Q: I have a life insurance policy owned by my SMSF worth approximately $1.5 million. Currently there is only about $80,000 accumulated in the fund. I am 55 years old. If I die tomorrow is my wife able access an income stream from the fund tax-free? For instance, upon my death if this $1.5 million was left in the fund generating 5%, will my wife receive the entire $100k per year income without paying tax?
We are an information site rather than an advisory site, so we cannot provide specific advice on the tax implications of an insurance payout upon death, but we can provide you with general information on the question that you ask.
Super alert! Since 1 July 2017, there is now a limit on the amount of super a person can transfer to the retirement phase, and these new rules will also affect superannuation death benefits, including insurance payouts. For more information on the $1.6 million pension transfer balance cap and how it affects death benefits, see SuperGuide article Superannuation death benefits and the $1.6 million transfer balance cap .
Generally speaking, if an SMSF holds a life insurance policy that pays a death benefit pension to a spouse, and the deceased and the beneficiary are both under the age of 60, then the surviving spouse receives pension benefits that will be subject to marginal tax rates, although the surviving spouse will receive a 15% tax offset on the taxable component of the super pension. For more information on the tax rates on superannuation death benefits, see SuperGuide articles Super for beginners, part 15: Super tax – as easy as 1-2-3 and Superannuation death benefits and the $1.6 million transfer balance cap .
If the surviving spouse received a lump sum insurance payment (rather than a pension), then the payment would be tax-free regardless of the age of either the deceased or the beneficiary, provided the amount is paid to a death benefits dependant (dependant under the tax laws), such as a spouse. Although receiving a tax-free lump sum sounds enticing, the money is then outside the super system and any earnings on that payout will then be subject to the full income tax system.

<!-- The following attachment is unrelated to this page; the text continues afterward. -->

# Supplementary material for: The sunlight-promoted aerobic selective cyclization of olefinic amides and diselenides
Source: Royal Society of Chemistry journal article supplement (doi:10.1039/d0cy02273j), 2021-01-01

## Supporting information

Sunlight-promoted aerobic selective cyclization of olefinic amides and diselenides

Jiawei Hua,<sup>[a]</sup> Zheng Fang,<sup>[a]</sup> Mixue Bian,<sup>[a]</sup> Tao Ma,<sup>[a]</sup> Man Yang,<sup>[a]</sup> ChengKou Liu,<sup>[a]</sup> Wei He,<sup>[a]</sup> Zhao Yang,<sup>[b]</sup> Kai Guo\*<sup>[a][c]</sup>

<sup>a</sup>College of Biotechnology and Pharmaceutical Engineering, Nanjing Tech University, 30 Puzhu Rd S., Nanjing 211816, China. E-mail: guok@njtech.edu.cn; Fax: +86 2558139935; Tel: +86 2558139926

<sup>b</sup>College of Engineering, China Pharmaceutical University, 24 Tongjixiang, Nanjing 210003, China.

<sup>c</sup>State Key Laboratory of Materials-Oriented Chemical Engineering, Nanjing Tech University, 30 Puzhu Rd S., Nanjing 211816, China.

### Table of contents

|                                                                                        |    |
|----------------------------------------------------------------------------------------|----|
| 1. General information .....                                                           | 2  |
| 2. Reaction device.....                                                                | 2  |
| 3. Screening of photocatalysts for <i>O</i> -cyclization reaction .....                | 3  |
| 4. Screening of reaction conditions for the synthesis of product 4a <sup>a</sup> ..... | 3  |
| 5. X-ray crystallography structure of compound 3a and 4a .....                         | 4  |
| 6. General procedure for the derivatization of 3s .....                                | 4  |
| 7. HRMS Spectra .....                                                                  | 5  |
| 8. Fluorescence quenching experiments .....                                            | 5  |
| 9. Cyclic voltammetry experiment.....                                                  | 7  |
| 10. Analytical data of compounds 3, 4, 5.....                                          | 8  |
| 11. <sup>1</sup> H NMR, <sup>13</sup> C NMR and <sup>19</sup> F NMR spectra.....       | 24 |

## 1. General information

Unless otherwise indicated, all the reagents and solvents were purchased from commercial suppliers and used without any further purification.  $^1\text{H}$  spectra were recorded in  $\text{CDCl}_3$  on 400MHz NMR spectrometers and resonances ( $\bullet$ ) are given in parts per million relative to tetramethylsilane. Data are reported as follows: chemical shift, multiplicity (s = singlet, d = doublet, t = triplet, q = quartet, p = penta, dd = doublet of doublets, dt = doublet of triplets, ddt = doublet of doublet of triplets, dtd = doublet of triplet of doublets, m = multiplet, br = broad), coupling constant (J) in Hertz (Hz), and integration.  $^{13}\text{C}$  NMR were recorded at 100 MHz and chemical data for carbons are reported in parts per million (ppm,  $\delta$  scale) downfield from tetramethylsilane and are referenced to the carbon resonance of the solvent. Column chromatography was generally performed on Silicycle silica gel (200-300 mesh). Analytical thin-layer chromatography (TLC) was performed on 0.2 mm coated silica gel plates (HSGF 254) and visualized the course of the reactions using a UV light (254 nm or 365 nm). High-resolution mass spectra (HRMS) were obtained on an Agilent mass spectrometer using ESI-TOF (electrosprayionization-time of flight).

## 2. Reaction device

We strongly suggest you chat to a financial adviser, or an accountant for the specific tax implications of such an outcome.
Note: If a life insurance benefit from a super fund is paid to a non-dependant under the tax laws (even though a dependant under the super laws), such as a financially independent adult child, then tax is often payable. For more information on the different type of dependants and non-dependants, see SuperGuide articles Superannuation death benefits: Who receives super payments, and how much tax is paid? and Superannuation death benefits: Dear Dad, Tax for everything.
For more information about superannuation death benefits
For more information about death benefits, and the tax implications, the following SuperGuide articles may also assist you:
- Superannuation death benefits: Who receives super payments, and how much tax is paid?
- Retiring before the age of 60: the tax deal
- Superannuation death benefits: Dear Dad, Tax for everything
- Superannuation death benefits: Beware the dastardly death tax, and retirement cap
- Retirement phase: A super guide to the $1.6 million transfer balance cap
- Death benefits: Is a binding DBN different from a reversionary pension?
- SMSF pension earnings remain tax-free after death
More articles about insurance and superannuation
For more information on superannuation and insurance, see the following SuperGuide articles:
- Life insurance and super: 10 facts you should know
- Comparing super funds: Top 20 cheapest funds for life insurance
- Comparing super funds: Top 20 cheapest funds for income protection insurance
- Cost shock: Paying too much for insurance in your super fund?
- Comparing funds: Which super funds offer the cheapest insurance?
- Four reasons to buy insurance inside your super fund
- Life insurance: One in five parents will die early, or be too sick to work
- SMSFs must consider life insurance needs
- SMSFs: Can I transfer my life insurance to my DIY super fund?
- SMSFs: Trauma insurance is not OK